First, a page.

What is Smishing? Definition, Examples, How to Prevent

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We constantly reach for our phones, bombarded by a barrage of texts. Between work messages, social updates, and friendly check-ins, it's easy to let your guard down. But within this constant flow of texts lurks a hidden threat: smishing scams.

In this article, we will explore the meaning of smishing, give examples, define the difference between smishing and phishing, and delve into how to defend against it. 

What is Smishing?

Smishing is a type of cyber attack that uses text messages to try to trick you into giving away personal information or clicking on malicious links. 

People smish, or carry out smishing attacks, for one main reason – financial gain. They aim to steal personal information they can exploit for various criminal purposes.

People are more likely to click on links in texts compared to emails, making them a vulnerable avenue for cybercriminals to exploit. Smishing messages also often create urgency or panic, like claiming your bank account is compromised, tricking people into acting fast without thinking critically.

Read: Top 10 Facts About Smishing and How to Defend Against it

By spoofing messages to appear from familiar sources (banks, delivery services), smishing attacks prey on people's trust in these legitimate entities.

Compared to more complex hacks, smishing requires less technical knowledge, making it accessible to a wider range of criminals.

Smishing Examples

There are many different versions of smishing messages but they all try to manipulate you in similar ways. These often evolve to have the maximum impact, such as during the COVID-19 pandemic, there were many reports of smishing messages offering tests, Covid results and even cures in an attempt to steal personal information or spread malware.

The most common smishing examples to watch out for are:

1. The Fake Delivery Notification

A text message supposedly from a delivery company (FedEx, DHL, etc.) claiming a package delivery attempt was missed. It includes a link to "reschedule" delivery, which could lead to a malware download or a fake website designed to steal your credit card info.

  • The Bank Alert Scam: This message pretends to be from your bank, warning of suspicious activity on your account. It urges you to "verify" your information by clicking a link, leading to a phishing site designed to steal your login credentials.
  • The Phony Raffle Win: This enticing message congratulates you on winning a prize or sweepstakes. It includes a link to "claim" your reward, but clicking it might install malware or take you to a fake website requesting your personal details.
  • The Urgent Password Reset: The message claims to be from a social media platform or online service, stating your password needs immediate reset due to suspicious activity. Clicking the link could lead to a fake login page where you unknowingly surrender your password.
  • The Tax Season Ploy: During tax season, smishing messages might pose as the IRS or tax agency, threatening you with fines or promising a large refund. They pressure you to click a link to "verify" your information or claim your refund, potentially leading to malware or a fake website for stealing your personal data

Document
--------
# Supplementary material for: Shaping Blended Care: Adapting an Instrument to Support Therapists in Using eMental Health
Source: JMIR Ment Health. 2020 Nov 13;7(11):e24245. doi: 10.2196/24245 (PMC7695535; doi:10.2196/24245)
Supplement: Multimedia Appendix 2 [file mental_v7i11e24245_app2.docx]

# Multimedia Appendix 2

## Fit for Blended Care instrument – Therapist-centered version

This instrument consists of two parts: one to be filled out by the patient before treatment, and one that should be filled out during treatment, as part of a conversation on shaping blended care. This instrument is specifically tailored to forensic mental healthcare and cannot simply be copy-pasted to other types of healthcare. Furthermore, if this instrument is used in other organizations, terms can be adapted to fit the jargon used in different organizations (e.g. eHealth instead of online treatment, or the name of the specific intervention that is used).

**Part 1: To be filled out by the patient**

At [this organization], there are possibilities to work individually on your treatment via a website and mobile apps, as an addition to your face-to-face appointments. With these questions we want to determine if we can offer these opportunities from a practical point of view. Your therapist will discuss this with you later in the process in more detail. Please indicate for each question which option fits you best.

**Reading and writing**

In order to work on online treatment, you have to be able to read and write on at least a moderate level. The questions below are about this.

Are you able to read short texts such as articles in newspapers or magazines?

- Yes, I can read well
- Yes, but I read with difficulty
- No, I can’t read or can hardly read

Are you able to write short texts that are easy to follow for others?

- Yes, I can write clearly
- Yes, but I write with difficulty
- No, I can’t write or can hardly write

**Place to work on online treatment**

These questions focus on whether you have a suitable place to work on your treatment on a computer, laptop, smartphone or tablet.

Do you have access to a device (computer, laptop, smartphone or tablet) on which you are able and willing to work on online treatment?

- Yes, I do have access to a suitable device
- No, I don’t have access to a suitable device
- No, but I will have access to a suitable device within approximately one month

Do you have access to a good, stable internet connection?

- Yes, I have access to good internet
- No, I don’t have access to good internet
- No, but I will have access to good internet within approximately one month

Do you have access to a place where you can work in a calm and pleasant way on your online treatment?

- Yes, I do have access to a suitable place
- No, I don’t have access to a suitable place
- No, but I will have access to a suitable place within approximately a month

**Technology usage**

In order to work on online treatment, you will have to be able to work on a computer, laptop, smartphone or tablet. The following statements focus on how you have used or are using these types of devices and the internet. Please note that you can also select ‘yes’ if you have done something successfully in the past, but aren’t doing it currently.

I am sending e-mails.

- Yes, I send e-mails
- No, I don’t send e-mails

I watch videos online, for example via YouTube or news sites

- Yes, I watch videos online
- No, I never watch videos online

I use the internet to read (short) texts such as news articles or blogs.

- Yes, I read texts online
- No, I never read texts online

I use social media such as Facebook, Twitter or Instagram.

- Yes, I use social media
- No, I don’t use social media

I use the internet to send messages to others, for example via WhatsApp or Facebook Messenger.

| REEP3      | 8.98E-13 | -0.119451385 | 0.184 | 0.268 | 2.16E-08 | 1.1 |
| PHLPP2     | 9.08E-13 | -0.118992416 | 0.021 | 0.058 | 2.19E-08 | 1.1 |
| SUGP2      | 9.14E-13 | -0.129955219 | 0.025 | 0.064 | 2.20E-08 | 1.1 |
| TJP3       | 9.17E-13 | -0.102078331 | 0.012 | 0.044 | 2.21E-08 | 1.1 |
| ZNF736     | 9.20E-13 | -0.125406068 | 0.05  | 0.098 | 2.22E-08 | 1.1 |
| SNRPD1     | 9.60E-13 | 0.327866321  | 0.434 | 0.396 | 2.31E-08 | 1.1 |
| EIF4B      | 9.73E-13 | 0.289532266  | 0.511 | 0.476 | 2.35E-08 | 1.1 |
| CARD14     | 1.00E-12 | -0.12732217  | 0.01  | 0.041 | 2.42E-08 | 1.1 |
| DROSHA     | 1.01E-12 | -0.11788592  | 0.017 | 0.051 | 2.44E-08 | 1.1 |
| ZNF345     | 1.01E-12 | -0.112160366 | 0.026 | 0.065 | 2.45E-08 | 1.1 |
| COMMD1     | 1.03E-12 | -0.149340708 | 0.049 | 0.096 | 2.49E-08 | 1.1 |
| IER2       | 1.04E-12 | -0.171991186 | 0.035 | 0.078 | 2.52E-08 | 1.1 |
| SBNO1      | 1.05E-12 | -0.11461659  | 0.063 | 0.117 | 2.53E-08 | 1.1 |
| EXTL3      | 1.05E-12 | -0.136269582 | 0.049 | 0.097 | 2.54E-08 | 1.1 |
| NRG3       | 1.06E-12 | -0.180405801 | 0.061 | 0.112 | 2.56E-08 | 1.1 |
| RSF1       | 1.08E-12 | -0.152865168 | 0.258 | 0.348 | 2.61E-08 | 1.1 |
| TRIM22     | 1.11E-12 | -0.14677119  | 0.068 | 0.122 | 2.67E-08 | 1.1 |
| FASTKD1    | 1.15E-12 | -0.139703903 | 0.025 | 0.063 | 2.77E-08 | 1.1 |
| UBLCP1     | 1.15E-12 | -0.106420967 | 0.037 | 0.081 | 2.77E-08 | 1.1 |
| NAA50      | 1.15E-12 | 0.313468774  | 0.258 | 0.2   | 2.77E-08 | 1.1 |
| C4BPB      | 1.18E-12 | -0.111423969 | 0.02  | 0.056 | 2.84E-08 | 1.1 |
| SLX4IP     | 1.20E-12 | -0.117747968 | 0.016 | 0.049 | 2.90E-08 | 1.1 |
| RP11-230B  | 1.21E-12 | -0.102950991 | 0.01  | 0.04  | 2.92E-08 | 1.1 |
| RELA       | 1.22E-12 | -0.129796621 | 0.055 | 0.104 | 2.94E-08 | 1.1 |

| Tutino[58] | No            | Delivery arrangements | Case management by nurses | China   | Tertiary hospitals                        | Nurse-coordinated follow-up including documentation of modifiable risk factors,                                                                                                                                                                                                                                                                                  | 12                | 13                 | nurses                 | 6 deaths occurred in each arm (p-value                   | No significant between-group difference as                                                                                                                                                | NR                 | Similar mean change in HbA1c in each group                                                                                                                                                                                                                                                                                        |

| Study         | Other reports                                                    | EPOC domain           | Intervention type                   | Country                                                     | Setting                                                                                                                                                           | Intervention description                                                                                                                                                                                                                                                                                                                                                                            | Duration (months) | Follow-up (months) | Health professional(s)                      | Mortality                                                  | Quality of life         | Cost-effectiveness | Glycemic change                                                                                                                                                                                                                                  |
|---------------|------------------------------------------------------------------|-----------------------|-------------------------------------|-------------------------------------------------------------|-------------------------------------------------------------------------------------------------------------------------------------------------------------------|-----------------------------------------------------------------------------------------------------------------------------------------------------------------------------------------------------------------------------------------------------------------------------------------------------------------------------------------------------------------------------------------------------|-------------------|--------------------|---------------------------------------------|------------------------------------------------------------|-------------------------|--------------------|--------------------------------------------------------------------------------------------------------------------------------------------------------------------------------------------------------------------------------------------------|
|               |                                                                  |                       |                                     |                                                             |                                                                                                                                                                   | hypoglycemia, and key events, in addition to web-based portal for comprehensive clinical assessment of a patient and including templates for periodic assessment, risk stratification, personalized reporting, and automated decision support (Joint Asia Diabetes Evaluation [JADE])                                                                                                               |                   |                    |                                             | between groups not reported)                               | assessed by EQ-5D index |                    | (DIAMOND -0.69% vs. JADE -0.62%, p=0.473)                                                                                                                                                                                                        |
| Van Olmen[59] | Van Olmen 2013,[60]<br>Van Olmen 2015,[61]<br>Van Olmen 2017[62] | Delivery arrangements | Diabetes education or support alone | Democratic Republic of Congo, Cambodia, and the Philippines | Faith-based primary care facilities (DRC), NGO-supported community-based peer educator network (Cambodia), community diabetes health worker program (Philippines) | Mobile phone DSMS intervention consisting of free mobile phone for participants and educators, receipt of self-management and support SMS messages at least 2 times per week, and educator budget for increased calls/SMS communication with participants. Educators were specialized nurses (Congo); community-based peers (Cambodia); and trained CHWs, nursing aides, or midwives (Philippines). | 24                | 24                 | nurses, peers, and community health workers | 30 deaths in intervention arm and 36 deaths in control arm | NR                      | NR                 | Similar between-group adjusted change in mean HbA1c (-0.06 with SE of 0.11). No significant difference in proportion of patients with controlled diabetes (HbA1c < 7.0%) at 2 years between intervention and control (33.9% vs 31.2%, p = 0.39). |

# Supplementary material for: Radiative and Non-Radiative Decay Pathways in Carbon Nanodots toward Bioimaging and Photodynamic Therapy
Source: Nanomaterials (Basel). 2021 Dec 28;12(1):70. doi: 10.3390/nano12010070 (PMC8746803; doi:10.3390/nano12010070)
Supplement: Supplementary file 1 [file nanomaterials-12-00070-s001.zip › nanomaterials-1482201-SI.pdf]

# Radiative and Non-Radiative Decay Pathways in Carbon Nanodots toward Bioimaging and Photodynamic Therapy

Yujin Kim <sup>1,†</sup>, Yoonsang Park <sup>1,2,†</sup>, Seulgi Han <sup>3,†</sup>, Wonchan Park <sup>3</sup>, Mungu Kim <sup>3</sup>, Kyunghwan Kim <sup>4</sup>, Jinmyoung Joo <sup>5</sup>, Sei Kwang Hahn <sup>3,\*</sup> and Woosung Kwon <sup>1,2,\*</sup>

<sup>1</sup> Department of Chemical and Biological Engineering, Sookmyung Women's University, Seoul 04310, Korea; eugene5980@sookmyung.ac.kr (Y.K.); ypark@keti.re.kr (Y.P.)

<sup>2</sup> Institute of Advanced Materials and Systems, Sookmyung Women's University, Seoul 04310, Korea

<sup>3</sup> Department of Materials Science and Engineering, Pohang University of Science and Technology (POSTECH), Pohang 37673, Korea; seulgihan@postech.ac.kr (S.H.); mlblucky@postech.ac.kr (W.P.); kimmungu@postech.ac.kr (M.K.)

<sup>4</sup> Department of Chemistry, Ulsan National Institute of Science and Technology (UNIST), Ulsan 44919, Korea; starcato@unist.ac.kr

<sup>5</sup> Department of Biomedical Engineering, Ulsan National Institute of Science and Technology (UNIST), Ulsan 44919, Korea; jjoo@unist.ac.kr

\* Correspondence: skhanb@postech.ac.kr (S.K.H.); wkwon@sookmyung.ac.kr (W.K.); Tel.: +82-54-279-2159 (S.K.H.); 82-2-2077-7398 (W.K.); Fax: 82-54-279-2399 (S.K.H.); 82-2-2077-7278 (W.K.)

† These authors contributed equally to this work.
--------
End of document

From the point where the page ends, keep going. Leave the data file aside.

smishing example

Smishing Vs Phishing

Smishing and phishing are both social engineering attacks that aim to steal personal information, but they differ in how they reach their victims. 

Smishing often relies on a sense of urgency or panic to pressure victims into clicking links or responding quickly. They may spoof messages to appear from familiar sources like banks or delivery companies.

Phishing can be more elaborate, with attackers crafting believable emails that appear to be from legitimate companies or institutions. Phishing emails may also contain attachments that can harbor malware.

Smishing leverages the high open rates and immediacy of text messages to reach a broad audience whereas phishing casts a wider net with emails, but may have a lower success rate due to people being more cautious about opening email attachments or clicking on suspicious links in emails.

smishing vs phishing

How to Prevent Smishing

Don't click on links in suspicious texts. Smishing messages often rely on urgency or curiosity to trick you into clicking a malicious link. If you're unsure, don't click!

Be wary of any unsolicited text. Legitimate businesses typically won't contact you about urgent account issues or prizes via text message. Treat any unexpected text with caution.

Verify information directly. If a text message claims to be from your bank, credit card company, or any other institution, contact them directly using a phone number you know is correct (look it up on their official website). Don't use phone numbers or links provided in the text message.

Enable multi-factor authentication, this adds an extra layer of security to your online accounts, making it much harder for attackers to gain access even if they steal your password through smishing.

Install security software that can help identify and block malicious links or phone numbers associated with smishing scams.

By raising awareness about smishing tactics, you can help protect yourself, your family, and friends from falling victim to these scams.


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